It has been recently reported that the governor of Wyoming wants the federal authorities to remove grizzly bears as endangered species, in order to open the door for hunting opportunities in the future. Wyoming Governor Matt Mead recently wrote to Ken Salazar, secretary of the Department of Interior, asking to withdraw federal protection of the bears under the Endangered Species Act. The letter, which was written on May 24th and is being reviewed by Salazar's office, said grizzly bears have "unquestionably recovered within the Yellowstone Ecosystem." Steve Farrell, Governor Mead's policy adviser, agreed that managed hunts may be required to keep the population under control. However, Mr. Farrell claimed that the effort to strip the bears of their status as endangered species is not entirely "driven by this need to hunt them." Since 2007, grizzly bears were removed from the Endangered Species List but were placed back in 2009 after a conservation group took legal action. Some of these groups stated that the species has not bounced back enough and faces a threat in which its main food source, the seeds from the whitebark pine tree, is becoming scarce due to a tree infection. One such group is the Greater Yellowstone Coalition, whose spokesperson Jeff Welsch stated that scientists needed more time to understand why Greater Yellowstone's grizzly populations are leveling off and to further study the hypotheses of the demise in whitebark pine trees.
|Whitebark pine trees|
In the last two years, the famed Yellowstone National Park had suffered four fatal attacks by grizzly bears. According to Chris Servheen, a grizzly bear recovery coordinator for the U.S Fish and Wildlife Service, the rebounding population which is estimated to be at least 600 in the area, partially explains the rise in fatal attacks. While there has not been any finalization of removing the bears off the list, some groups are already advocating the hunting of the animals. One of them is the Wyoming Sportsmen for Fish & Wildlife, whose executive director Bob Wharff stated that the hunting of grizzly bears would "maintain the overall health of the population." Another is the National Wildlife Federation (NWF), which believes that the goals with respect to population have been met through the federal recovery plan. However, some wildlife conservation activists still insist that the bears need protection from hunters until scientists more accurately study the effect of disease-causing whitebark pine trees could have on the population.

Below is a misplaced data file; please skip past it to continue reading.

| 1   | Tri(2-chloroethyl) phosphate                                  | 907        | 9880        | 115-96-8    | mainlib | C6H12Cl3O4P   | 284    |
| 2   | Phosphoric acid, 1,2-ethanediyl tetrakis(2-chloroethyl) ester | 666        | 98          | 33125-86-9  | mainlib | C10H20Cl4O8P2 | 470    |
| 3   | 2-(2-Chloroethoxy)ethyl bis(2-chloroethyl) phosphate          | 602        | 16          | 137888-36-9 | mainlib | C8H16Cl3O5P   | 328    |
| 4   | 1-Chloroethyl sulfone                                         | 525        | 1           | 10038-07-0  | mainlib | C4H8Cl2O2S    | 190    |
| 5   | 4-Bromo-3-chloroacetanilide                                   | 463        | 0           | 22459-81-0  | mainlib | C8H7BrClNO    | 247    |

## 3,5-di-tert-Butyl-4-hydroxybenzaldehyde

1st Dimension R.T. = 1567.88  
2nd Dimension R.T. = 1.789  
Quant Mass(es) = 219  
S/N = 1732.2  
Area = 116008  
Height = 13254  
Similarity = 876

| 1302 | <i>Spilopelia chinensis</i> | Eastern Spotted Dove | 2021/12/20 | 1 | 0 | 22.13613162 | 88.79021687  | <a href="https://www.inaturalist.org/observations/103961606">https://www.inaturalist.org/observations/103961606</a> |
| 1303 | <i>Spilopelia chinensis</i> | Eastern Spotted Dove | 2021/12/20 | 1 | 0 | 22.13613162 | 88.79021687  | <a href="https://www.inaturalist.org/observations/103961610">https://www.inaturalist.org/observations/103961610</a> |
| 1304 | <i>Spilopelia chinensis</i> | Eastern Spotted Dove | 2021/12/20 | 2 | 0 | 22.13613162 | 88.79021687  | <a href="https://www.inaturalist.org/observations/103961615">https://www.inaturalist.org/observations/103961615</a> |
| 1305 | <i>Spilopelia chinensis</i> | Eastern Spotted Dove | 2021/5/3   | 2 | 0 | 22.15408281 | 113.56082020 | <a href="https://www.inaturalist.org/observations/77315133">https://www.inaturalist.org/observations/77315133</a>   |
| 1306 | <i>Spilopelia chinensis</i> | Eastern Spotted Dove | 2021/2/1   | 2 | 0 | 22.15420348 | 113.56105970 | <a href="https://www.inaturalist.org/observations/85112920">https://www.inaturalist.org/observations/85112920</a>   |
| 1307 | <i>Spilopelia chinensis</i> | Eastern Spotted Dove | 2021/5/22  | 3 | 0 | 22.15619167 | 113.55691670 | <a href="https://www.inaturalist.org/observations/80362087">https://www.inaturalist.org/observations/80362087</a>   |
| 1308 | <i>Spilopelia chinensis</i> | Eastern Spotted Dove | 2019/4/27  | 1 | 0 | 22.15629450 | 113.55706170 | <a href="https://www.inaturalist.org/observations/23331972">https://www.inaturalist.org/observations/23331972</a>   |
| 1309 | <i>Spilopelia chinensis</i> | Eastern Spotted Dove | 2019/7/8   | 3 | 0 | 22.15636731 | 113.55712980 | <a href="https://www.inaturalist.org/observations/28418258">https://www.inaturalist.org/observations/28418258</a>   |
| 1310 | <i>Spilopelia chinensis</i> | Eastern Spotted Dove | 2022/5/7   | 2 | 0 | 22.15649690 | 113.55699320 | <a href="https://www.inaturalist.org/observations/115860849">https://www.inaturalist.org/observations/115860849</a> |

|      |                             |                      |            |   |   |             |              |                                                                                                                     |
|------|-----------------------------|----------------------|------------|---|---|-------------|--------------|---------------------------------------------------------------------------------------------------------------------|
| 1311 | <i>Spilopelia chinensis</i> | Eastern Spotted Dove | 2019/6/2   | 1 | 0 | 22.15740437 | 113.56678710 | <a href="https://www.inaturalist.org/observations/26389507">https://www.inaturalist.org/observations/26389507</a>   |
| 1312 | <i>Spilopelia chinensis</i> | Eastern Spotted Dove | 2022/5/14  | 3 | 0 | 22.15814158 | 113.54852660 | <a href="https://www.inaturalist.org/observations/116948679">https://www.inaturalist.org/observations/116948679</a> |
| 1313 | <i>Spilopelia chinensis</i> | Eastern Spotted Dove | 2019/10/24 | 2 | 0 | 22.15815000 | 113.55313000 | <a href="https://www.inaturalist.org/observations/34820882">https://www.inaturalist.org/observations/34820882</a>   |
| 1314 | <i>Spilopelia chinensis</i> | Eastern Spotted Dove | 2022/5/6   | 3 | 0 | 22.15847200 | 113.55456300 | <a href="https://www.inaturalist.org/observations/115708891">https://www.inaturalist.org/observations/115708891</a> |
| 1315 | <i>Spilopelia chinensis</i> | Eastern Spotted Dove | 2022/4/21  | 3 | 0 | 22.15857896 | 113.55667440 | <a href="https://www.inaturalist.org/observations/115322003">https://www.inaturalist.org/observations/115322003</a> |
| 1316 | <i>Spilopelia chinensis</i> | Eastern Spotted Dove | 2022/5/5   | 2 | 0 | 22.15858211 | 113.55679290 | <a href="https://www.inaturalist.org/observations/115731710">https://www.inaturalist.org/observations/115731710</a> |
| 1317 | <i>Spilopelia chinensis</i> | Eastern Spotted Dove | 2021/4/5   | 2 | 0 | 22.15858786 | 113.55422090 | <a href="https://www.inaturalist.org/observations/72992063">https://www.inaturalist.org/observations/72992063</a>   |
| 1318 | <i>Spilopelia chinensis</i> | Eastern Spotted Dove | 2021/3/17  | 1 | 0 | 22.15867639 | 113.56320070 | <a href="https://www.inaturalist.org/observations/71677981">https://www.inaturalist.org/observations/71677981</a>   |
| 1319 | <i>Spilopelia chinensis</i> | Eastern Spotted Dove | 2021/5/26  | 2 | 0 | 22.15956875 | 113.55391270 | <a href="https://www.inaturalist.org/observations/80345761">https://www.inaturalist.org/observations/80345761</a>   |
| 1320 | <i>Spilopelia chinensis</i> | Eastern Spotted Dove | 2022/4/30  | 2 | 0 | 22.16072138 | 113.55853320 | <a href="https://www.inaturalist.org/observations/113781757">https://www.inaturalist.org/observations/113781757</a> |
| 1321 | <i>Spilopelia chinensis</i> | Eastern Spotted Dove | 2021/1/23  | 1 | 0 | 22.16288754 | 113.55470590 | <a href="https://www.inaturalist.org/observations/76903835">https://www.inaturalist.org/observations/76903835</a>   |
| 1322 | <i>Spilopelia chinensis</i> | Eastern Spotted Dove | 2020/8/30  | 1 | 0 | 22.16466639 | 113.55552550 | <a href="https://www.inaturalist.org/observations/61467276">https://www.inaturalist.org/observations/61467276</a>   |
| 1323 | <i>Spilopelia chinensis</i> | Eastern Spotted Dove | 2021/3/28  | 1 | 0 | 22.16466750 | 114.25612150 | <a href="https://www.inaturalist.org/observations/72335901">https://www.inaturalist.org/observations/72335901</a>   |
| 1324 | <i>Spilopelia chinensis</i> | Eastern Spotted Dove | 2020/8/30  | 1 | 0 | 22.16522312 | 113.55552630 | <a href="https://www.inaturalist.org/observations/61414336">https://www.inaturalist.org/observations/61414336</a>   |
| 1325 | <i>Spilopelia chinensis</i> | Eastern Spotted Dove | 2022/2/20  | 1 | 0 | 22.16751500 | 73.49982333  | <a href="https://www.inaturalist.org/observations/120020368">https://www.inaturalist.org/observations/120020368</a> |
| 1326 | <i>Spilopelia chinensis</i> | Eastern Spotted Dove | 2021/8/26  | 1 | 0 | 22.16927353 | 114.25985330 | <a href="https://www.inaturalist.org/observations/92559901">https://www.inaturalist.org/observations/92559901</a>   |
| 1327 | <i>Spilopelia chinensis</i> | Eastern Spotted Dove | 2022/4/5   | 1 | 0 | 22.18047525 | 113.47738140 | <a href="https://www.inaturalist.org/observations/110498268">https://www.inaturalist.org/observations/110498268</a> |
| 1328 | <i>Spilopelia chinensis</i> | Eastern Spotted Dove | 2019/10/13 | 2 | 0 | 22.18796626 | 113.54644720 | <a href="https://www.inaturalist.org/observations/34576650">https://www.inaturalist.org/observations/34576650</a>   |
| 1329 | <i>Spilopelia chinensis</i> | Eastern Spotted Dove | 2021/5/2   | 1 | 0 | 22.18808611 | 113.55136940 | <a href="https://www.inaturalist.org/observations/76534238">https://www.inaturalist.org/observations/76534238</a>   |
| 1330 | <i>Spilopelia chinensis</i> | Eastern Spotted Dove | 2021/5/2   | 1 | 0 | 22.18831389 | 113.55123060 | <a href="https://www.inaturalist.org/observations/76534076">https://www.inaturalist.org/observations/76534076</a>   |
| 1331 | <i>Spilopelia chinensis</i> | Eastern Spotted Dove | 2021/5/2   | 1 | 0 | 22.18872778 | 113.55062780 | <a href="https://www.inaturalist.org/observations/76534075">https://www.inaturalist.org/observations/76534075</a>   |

My opinion is that the public should maintain contact with the scientists studying the whitebark pine trees, whose seeds are said to be the major food source for the grizzly bears. It is said that these trees need protection before they become extinct, and this is something I believe is crucial for not just the bears but also the entire Yellowstone ecosystem. In addition to that, I also believe that the state of Wyoming should try to identify corridors which the grizzly bears use when dispersing beyond the borders of Yellowstone National Park before proposing an open hunting season for them. Furthermore, while the grizzly bear population appears to be improving in terms of population growth, further up north in Alberta, Canada it is a completely different. There, the grizzly bear population has been fluctuating dramatically with recent deaths of five bears. One possible technique I suggest is that the U.S could reintroduce its grizzly bears to Alberta in order to help revive the population. This can also help in maintaining the health of the grizzly population in the U.S, especially in the case of "problematic" bears which are normally killed off by wildlife officials. I personally believe that U.S and Canada should join forces together, in order to help each other with respect to their local grizzly bear populations.
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